Lamido Sanusi, Nigeria Central Bank Governor

By Patrick Smith

Posted on Tuesday, 7 September 2010 10:04

The Central Bank of Nigeria Governor argues that banks need

to reorientate themselves to meet long-term needs in the face of

increasing competition from foreign-owned financial instutions.

For more on the turn around of Nigeria’s banking sector read Paradise Regained.

The Africa Report: Guaranty Trust Bank is going to float a local bond. Do you think that it is wise under the current circumstances?

Lamido Sanusi: One of the reasons we pushed for the tax cut on the capital market is because if you look at the balance sheets of Nigerian banks, the major source of long-term funding is equity. The rest is current and savings accounts, and volatile government deposits.Because the deposits are so volatile it means that the duration of the assets tends to be very short, and the banks turn to creating long-term assets that would otherwise be required for mortgages, manufacturing and agriculture – instead of going to the short term. A lot of the risk assets go into the capital market and short-term trading. The ability to raise long-term finance in the capital market increases the ability of the bank to extend longer-term credit to the real economy and that is a good thing.?The tax waivers also improve the ability of highly-rated private companies to raise money from the capital market and move away from their dependence on bank borrowing. This will then compel the banks to look for risk-adverse customers in the middle market in manufacturing, in small, medium and growing businesses, which is where we want bank lending to go.We have been trying to create alternative means of financing for businesses and move the banks away from doing everything. Right now the banks provide overdrafts, loans, project finance and underwrite equity … but you want to make sure you’ve got venture-capital companies, private-equity companies and capital markets there for long-term lending. The banks then can beging to focus on the short- and medium-term exposures to small and growing businesses.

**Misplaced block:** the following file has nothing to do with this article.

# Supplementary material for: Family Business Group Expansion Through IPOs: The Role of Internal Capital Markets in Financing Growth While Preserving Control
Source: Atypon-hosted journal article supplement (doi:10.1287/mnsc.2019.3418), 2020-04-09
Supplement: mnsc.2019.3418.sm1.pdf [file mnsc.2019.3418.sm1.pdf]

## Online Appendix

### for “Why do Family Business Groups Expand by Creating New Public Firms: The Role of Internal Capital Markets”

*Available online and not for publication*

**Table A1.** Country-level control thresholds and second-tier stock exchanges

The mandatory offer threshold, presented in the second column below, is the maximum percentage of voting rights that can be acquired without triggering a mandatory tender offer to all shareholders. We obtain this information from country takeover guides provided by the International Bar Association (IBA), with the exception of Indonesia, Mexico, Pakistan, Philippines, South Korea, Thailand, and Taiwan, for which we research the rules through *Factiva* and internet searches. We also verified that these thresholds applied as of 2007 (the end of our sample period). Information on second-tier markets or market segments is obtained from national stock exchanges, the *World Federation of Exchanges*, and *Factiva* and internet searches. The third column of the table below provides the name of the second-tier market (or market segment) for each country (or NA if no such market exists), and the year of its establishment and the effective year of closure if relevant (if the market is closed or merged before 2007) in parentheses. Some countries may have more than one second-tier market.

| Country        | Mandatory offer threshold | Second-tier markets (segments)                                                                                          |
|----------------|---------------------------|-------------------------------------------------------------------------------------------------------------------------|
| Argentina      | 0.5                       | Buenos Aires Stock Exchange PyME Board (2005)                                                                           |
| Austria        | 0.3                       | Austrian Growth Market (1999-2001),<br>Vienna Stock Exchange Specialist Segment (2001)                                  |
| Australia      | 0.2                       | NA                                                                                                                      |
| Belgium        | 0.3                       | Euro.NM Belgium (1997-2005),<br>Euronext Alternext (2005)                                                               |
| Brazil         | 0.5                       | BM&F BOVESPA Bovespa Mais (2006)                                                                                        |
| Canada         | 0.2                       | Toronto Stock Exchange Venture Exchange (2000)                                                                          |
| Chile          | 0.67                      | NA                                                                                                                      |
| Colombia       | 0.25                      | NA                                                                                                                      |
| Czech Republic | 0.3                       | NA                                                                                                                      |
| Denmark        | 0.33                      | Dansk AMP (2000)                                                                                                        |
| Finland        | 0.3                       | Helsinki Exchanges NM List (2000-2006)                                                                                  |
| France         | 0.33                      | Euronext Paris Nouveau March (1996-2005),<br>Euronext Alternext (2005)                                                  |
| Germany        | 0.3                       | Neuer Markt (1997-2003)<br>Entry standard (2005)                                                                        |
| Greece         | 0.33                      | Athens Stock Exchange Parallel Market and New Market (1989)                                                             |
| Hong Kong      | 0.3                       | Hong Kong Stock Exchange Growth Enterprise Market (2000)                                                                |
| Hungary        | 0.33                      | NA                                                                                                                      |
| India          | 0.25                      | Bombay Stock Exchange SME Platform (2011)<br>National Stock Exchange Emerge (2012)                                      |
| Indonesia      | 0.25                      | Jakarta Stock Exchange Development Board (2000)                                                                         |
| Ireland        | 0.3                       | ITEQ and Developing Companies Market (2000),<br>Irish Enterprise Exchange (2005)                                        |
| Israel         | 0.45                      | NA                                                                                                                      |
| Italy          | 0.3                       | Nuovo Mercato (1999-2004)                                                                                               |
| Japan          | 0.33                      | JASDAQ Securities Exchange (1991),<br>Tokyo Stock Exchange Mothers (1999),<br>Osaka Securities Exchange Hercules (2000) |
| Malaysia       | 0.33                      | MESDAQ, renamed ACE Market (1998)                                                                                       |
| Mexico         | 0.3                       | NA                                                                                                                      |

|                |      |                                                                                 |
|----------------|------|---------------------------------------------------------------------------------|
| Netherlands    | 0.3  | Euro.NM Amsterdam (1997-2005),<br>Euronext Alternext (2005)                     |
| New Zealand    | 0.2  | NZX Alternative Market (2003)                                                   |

?Do you think it is a good thing that the Nigerian banking sector will be more open to foreign participation? ?

When I became governor of the Central Bank of Nigeria there was a rule that I did not agree with that said that foreign banks should not own more than 10% of a Nigerian bank. Coming from a risk- management background, I know that when foreign banks come in they contribute to improving risk management and general practice in the industry. Most countries that have opened their banking system to foreigners have found a general improvement in the quality of banking. So I removed that restriction. Its removal was then interpreted by journalists as an appeal to foreigners to come in and buy out the banks. Personally I would like Nigerian banks to own and be partners. You have banks like Standard Bank of South Africa, where 49% of the new bank – Stanbic IBTC – is owned by Nigerians. It is lending to the Nigerian economy, it has Nigerian tax as well as foreign tax and is one of the best examples of what a big bank ought to be in that environment.

This article was first published in the June-July edition of The Africa Report.

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